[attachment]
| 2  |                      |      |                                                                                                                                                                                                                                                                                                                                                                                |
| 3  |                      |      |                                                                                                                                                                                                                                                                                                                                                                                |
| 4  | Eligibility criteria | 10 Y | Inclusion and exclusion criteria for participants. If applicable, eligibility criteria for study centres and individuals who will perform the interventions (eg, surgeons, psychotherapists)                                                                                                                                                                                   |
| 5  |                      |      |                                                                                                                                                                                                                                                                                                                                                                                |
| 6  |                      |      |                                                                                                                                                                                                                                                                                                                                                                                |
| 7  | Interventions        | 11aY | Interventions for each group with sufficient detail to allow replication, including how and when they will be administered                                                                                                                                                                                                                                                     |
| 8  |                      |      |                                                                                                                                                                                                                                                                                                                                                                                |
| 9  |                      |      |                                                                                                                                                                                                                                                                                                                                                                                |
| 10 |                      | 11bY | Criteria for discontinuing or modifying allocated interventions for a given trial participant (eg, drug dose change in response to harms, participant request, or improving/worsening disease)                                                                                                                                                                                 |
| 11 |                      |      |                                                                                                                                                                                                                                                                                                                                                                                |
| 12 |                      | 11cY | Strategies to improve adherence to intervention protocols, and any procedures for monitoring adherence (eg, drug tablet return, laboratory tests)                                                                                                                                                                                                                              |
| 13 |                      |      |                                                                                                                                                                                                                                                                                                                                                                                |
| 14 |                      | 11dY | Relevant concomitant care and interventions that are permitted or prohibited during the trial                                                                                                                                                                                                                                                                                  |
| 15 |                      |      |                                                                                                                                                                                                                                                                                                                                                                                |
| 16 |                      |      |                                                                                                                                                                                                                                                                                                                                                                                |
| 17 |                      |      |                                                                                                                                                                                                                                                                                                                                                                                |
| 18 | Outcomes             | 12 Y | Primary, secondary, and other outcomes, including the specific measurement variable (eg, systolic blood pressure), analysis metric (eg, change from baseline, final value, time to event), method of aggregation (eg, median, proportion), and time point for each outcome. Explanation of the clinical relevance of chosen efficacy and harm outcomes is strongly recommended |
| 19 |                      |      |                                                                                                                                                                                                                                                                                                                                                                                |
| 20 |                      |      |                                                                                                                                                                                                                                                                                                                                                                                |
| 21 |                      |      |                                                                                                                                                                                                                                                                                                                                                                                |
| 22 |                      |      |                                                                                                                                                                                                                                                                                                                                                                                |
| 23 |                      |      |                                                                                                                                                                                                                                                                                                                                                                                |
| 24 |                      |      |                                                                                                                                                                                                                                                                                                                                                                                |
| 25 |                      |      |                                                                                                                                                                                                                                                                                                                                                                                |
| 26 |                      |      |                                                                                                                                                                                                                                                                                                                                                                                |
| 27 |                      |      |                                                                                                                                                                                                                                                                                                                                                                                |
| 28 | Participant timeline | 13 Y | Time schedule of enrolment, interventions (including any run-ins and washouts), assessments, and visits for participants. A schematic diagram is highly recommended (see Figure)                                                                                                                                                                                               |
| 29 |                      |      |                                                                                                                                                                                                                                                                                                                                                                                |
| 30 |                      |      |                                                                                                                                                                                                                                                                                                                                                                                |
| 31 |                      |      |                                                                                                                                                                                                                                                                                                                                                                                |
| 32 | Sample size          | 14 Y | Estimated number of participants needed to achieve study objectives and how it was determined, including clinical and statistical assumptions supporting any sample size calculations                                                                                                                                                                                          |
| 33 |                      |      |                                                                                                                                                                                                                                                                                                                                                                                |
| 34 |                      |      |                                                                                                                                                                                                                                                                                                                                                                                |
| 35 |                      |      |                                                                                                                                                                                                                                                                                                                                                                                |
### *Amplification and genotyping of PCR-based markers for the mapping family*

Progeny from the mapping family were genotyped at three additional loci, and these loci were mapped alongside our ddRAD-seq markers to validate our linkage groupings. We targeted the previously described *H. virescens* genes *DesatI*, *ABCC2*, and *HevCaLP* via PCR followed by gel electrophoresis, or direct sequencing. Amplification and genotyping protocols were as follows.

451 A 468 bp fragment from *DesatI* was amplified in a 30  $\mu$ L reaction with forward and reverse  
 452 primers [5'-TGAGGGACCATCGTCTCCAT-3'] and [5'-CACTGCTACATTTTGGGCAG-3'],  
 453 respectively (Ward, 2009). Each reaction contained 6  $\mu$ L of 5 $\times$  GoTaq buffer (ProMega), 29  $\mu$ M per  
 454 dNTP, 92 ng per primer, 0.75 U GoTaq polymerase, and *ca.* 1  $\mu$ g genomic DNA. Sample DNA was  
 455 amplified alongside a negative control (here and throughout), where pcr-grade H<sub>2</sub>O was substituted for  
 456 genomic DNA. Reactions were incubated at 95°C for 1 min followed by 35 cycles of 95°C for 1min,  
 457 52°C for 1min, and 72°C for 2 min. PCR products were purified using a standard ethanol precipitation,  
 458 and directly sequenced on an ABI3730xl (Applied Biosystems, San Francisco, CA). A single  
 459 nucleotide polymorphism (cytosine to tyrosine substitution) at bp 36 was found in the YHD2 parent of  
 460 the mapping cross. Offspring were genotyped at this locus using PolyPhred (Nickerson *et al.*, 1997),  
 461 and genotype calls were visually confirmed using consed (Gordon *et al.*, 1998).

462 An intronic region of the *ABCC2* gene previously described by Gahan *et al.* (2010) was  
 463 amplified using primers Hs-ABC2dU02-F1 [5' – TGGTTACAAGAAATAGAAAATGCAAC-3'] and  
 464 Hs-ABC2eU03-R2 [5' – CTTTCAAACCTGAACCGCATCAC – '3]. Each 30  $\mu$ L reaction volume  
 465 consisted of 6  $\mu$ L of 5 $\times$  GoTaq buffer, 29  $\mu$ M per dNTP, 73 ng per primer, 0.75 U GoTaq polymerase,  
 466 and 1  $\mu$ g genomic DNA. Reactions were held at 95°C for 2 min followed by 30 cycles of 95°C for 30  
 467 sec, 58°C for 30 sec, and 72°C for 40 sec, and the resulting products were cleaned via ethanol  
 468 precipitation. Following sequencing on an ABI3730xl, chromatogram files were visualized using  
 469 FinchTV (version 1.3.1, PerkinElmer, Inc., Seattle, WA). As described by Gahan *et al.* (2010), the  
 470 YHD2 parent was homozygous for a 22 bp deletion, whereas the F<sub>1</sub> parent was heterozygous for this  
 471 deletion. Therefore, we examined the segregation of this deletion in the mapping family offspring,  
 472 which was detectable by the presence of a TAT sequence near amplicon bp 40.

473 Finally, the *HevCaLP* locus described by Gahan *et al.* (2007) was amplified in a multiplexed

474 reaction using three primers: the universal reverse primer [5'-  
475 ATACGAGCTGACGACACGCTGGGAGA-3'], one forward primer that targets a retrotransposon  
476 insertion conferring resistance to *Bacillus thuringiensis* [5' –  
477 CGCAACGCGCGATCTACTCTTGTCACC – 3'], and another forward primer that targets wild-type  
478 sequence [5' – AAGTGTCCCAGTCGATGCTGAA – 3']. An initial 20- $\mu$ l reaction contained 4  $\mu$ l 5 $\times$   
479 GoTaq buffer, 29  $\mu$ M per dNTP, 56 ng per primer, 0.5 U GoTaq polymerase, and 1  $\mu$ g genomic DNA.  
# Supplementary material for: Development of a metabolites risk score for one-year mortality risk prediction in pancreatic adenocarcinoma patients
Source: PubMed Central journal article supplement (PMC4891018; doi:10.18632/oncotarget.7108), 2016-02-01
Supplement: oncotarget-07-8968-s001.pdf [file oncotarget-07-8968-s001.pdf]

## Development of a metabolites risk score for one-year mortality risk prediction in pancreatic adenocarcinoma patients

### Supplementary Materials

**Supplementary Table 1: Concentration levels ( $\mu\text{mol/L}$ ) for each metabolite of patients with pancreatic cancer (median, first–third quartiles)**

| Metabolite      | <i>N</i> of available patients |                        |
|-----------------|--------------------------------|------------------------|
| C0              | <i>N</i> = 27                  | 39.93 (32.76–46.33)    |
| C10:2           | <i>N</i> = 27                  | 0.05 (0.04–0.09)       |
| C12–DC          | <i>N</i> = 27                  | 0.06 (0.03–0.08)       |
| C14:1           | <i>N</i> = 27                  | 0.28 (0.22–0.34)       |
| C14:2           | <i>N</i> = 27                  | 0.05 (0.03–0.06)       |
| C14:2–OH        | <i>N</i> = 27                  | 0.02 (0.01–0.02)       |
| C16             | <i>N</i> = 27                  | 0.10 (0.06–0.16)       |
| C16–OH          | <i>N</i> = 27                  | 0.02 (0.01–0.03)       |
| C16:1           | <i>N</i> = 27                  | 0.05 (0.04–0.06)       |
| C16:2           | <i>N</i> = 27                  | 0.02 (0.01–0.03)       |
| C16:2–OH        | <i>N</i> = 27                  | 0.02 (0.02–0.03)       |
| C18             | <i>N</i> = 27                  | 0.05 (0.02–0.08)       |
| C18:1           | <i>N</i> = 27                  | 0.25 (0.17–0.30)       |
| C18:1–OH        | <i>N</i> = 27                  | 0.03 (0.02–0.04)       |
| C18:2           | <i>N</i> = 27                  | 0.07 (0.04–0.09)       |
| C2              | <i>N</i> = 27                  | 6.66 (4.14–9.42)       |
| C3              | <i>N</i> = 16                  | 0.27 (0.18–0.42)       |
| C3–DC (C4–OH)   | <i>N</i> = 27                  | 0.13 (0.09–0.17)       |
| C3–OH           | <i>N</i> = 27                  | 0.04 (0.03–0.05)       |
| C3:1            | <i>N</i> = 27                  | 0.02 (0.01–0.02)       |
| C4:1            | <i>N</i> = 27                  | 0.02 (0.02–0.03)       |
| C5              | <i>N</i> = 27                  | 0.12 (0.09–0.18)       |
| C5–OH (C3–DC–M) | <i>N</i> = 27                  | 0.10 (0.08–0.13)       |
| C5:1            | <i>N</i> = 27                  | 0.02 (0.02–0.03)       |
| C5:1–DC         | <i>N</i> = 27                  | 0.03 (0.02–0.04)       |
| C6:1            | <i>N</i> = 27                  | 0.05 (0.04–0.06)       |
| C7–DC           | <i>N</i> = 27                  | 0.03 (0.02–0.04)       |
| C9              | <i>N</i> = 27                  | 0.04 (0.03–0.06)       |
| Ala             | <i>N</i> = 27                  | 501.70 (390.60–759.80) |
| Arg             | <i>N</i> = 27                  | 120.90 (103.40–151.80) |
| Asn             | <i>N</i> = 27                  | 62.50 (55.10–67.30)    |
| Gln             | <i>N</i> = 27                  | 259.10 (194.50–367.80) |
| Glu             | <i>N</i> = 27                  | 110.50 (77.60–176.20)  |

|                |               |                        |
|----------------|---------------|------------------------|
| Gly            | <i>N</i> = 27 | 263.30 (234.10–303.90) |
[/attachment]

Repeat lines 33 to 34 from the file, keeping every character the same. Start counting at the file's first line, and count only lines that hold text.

| 34 |                      |      |                                                                                                                                                                                                                                                                                                                                                                                |
| 35 |                      |      |                                                                                                                                                                                                                                                                                                                                                                                |